It’s tempting and some­times even darkly humorous to call living dying, but in truth when we reduce con­cepts down to the point that they’re inter­change­able, what pur­pose do they even serve? Living is not dying. Dying has to have some sub­stan­tial com­po­nent to dif­fer­en­tiate it from living or we’re just playing sophis­ti­cally with words and betraying dis­po­si­tions rather than com­mit­ting to ideas. Aging is also not dying, at least not all of it.

We used to assume life ended with breath. That was death. We expired. Now we know it doesn’t. We can restart res­pi­ra­tion. We use to assume life ended with car­diac arrest. Well, it doesn’t. We can restart hearts. Now, we use brain death as the marker, although we’ve dis­cov­ered that you can — with stem cells, bioac­tive mol­e­cules, brain and spinal cord stim­u­la­tion — bring brains back to life. It’s not espe­cially effec­tive and the bioeth­ical con­cerns should give us pause, but nothing can be ruled out.

So what is death? The only rea­son­able def­i­n­i­tion of death left to us is that having failed to resus­ci­tate any of the erst­while “vital” organs, that we reach a point, a crit­ical mass in global cell death. Glob­al­ized necrosis, cell death past the point of no return. That the DNA holding us together degen­er­ates to the point that it can no longer instruct cel­lular repli­ca­tion and cells begin to die at a rate faster than they repli­cate.

But dying is a process, right? Often a slow one. So wouldn’t we always be dying as we live, right up until we’re dead?

No. In fact, rates of cel­lular regen­er­a­tion and degen­er­a­tion are not con­sis­tent across lifes­pans. For the first twenty-five or so years, our cells are almost always simply regen­er­ating. There is nothing degen­er­a­tive in normal devel­op­ment up to that point. Past this point, cer­tain kinds of regen­er­a­tion slow or stop while others do not. In some sense, parts of us are there­after dying. But it isn’t really until one reaches the fifth decade of life that the DNA in our cells is actively degen­er­ating…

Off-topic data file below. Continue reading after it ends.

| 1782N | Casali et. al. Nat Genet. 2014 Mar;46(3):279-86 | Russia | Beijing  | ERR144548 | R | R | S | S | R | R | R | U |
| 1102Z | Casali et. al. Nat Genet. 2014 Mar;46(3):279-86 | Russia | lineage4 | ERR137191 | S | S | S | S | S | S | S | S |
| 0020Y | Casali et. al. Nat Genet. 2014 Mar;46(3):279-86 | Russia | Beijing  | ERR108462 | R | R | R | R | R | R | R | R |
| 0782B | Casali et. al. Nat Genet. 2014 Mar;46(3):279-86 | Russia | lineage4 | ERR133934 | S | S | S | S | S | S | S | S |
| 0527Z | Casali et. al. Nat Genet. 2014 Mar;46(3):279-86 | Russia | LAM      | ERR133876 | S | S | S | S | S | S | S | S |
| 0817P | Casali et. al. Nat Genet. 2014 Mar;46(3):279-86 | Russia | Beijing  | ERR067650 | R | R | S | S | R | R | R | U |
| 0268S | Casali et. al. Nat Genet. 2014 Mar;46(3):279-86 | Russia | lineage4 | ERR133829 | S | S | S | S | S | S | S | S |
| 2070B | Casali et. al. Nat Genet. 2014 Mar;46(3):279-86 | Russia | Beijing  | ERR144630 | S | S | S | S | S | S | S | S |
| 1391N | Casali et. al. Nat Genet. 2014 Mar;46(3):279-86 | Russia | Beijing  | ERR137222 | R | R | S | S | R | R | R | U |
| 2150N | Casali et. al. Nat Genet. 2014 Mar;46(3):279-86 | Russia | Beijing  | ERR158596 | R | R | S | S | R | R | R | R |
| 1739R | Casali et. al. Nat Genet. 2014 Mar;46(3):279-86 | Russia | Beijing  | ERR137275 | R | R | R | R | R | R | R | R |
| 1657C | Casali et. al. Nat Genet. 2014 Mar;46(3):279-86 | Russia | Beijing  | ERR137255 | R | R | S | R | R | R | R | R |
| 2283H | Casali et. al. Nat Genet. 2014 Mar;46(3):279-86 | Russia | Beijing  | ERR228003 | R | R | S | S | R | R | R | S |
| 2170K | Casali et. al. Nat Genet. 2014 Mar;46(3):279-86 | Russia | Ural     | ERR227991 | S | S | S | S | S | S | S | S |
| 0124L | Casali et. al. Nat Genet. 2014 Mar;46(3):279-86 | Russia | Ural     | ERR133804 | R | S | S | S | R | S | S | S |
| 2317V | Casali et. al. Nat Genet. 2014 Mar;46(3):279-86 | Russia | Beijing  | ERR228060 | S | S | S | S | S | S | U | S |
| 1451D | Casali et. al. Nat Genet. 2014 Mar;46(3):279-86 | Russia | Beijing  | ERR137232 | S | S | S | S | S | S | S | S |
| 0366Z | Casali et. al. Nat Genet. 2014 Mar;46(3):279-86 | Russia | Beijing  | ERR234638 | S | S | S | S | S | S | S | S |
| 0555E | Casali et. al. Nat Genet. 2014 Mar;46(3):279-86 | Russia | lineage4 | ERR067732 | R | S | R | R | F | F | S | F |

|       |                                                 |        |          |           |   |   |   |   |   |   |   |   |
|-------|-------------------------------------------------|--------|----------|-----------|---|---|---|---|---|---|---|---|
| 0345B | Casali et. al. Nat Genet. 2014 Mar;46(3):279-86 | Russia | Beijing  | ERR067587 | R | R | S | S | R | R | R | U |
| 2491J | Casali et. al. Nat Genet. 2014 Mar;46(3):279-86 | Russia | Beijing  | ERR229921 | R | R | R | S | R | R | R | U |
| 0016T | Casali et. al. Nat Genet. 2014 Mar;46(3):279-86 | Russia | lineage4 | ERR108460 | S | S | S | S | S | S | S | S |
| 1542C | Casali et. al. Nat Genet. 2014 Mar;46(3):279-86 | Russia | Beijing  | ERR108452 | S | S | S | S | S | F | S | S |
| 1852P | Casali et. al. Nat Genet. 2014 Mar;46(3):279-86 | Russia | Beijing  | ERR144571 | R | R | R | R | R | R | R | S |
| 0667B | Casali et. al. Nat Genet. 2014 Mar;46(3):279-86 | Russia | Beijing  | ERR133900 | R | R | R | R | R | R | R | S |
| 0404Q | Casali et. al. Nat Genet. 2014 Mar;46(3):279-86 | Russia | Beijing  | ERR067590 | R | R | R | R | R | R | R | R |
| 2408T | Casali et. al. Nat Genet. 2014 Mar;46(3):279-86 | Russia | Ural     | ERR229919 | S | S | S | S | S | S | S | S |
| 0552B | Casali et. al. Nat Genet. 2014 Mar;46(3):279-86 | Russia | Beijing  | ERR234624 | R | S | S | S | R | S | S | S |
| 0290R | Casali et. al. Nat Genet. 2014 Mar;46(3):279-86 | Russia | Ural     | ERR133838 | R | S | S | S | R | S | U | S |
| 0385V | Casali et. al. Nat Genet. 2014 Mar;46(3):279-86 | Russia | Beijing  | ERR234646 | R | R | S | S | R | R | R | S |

At that point, one can, I sup­pose, be said to be in the process of dying, although it seems rather more or less unnec­es­sary to tell someone who has already reached an age where they’re more than fully aware of their mor­tality, because their bodies are as good as a con­stant reminder that they’re degen­er­ating from the inside out.

And so, I dis­sent. Life is not death. Life is life. Death is death. And at least half of living, if not more, is not even dying.

The only thing that dis­rupts this pat­tern is dis­ease and dis­order. And not some uni­versal dis­order, because uni­versal dis­order would wipe the species out faster than you can say strippy fried bacon belly. No, dis­rup­tions to life are either inevitable over time due to growth that even­tu­ally peaks and becomes a gradual decay or some­thing external to the organism dis­rupts and accel­er­ates that process.

We have a respon­si­bility to be honest about the inevitability of the first, some­thing our society often fails to be honest about; but have as great or greater a respon­si­bility to the mit­i­gate the poten­tial­i­ties of the latter.

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